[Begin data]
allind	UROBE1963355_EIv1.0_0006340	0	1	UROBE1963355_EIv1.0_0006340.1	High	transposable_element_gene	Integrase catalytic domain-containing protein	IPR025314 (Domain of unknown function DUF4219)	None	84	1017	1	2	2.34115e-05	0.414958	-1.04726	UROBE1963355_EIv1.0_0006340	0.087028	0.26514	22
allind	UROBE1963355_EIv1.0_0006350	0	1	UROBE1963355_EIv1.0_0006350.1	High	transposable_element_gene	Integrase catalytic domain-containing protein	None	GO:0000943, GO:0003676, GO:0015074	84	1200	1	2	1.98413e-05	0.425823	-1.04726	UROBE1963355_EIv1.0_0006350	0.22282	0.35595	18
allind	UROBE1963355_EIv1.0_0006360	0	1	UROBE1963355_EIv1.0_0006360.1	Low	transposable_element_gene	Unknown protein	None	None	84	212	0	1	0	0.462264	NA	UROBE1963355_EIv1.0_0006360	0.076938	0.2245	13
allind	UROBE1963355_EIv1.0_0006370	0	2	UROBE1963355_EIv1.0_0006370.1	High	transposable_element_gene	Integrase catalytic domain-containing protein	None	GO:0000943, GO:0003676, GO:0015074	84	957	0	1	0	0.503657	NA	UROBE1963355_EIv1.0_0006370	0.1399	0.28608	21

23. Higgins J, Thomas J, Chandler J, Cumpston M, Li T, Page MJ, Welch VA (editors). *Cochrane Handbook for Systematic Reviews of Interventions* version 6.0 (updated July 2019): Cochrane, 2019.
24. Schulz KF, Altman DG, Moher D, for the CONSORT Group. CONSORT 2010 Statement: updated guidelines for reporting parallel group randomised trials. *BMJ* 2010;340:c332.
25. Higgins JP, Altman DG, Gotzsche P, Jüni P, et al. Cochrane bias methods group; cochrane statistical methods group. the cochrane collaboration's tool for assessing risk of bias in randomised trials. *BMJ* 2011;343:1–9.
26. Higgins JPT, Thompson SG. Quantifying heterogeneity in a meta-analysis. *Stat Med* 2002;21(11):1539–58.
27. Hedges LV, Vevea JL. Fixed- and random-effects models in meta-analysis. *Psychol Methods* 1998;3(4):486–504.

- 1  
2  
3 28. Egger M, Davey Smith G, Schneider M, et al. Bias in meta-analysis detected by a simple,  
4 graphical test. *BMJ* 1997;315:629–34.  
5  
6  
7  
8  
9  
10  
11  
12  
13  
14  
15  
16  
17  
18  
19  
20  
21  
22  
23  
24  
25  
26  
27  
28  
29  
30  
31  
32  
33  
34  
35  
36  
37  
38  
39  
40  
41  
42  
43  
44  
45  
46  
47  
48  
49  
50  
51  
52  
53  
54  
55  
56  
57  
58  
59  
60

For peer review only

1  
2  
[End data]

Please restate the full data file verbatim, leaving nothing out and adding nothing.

allind	UROBE1963355_EIv1.0_0006340	0	1	UROBE1963355_EIv1.0_0006340.1	High	transposable_element_gene	Integrase catalytic domain-containing protein	IPR025314 (Domain of unknown function DUF4219)	None	84	1017	1	2	2.34115e-05	0.414958	-1.04726	UROBE1963355_EIv1.0_0006340	0.087028	0.26514	22
allind	UROBE1963355_EIv1.0_0006350	0	1	UROBE1963355_EIv1.0_0006350.1	High	transposable_element_gene	Integrase catalytic domain-containing protein	None	GO:0000943, GO:0003676, GO:0015074	84	1200	1	2	1.98413e-05	0.425823	-1.04726	UROBE1963355_EIv1.0_0006350	0.22282	0.35595	18
allind	UROBE1963355_EIv1.0_0006360	0	1	UROBE1963355_EIv1.0_0006360.1	Low	transposable_element_gene	Unknown protein	None	None	84	212	0	1	0	0.462264	NA	UROBE1963355_EIv1.0_0006360	0.076938	0.2245	13
allind	UROBE1963355_EIv1.0_0006370	0	2	UROBE1963355_EIv1.0_0006370.1	High	transposable_element_gene	Integrase catalytic domain-containing protein	None	GO:0000943, GO:0003676, GO:0015074	84	957	0	1	0	0.503657	NA	UROBE1963355_EIv1.0_0006370	0.1399	0.28608	21

23. Higgins J, Thomas J, Chandler J, Cumpston M, Li T, Page MJ, Welch VA (editors). *Cochrane Handbook for Systematic Reviews of Interventions* version 6.0 (updated July 2019): Cochrane, 2019.
24. Schulz KF, Altman DG, Moher D, for the CONSORT Group. CONSORT 2010 Statement: updated guidelines for reporting parallel group randomised trials. *BMJ* 2010;340:c332.
25. Higgins JP, Altman DG, Gotzsche P, Jüni P, et al. Cochrane bias methods group; cochrane statistical methods group. the cochrane collaboration's tool for assessing risk of bias in randomised trials. *BMJ* 2011;343:1–9.
26. Higgins JPT, Thompson SG. Quantifying heterogeneity in a meta-analysis. *Stat Med* 2002;21(11):1539–58.
27. Hedges LV, Vevea JL. Fixed- and random-effects models in meta-analysis. *Psychol Methods* 1998;3(4):486–504.

- 1  
2  
3 28. Egger M, Davey Smith G, Schneider M, et al. Bias in meta-analysis detected by a simple,  
4 graphical test. *BMJ* 1997;315:629–34.  
5  
6  
7  
8  
9  
10  
11  
12  
13  
14  
15  
16  
17  
18  
19  
20  
21  
22  
23  
24  
25  
26  
27  
28  
29  
30  
31  
32  
33  
34  
35  
36  
37  
38  
39  
40  
41  
42  
43  
44  
45  
46  
47  
48  
49  
50  
51  
52  
53  
54  
55  
56  
57  
58  
59  
60

For peer review only

1  
2  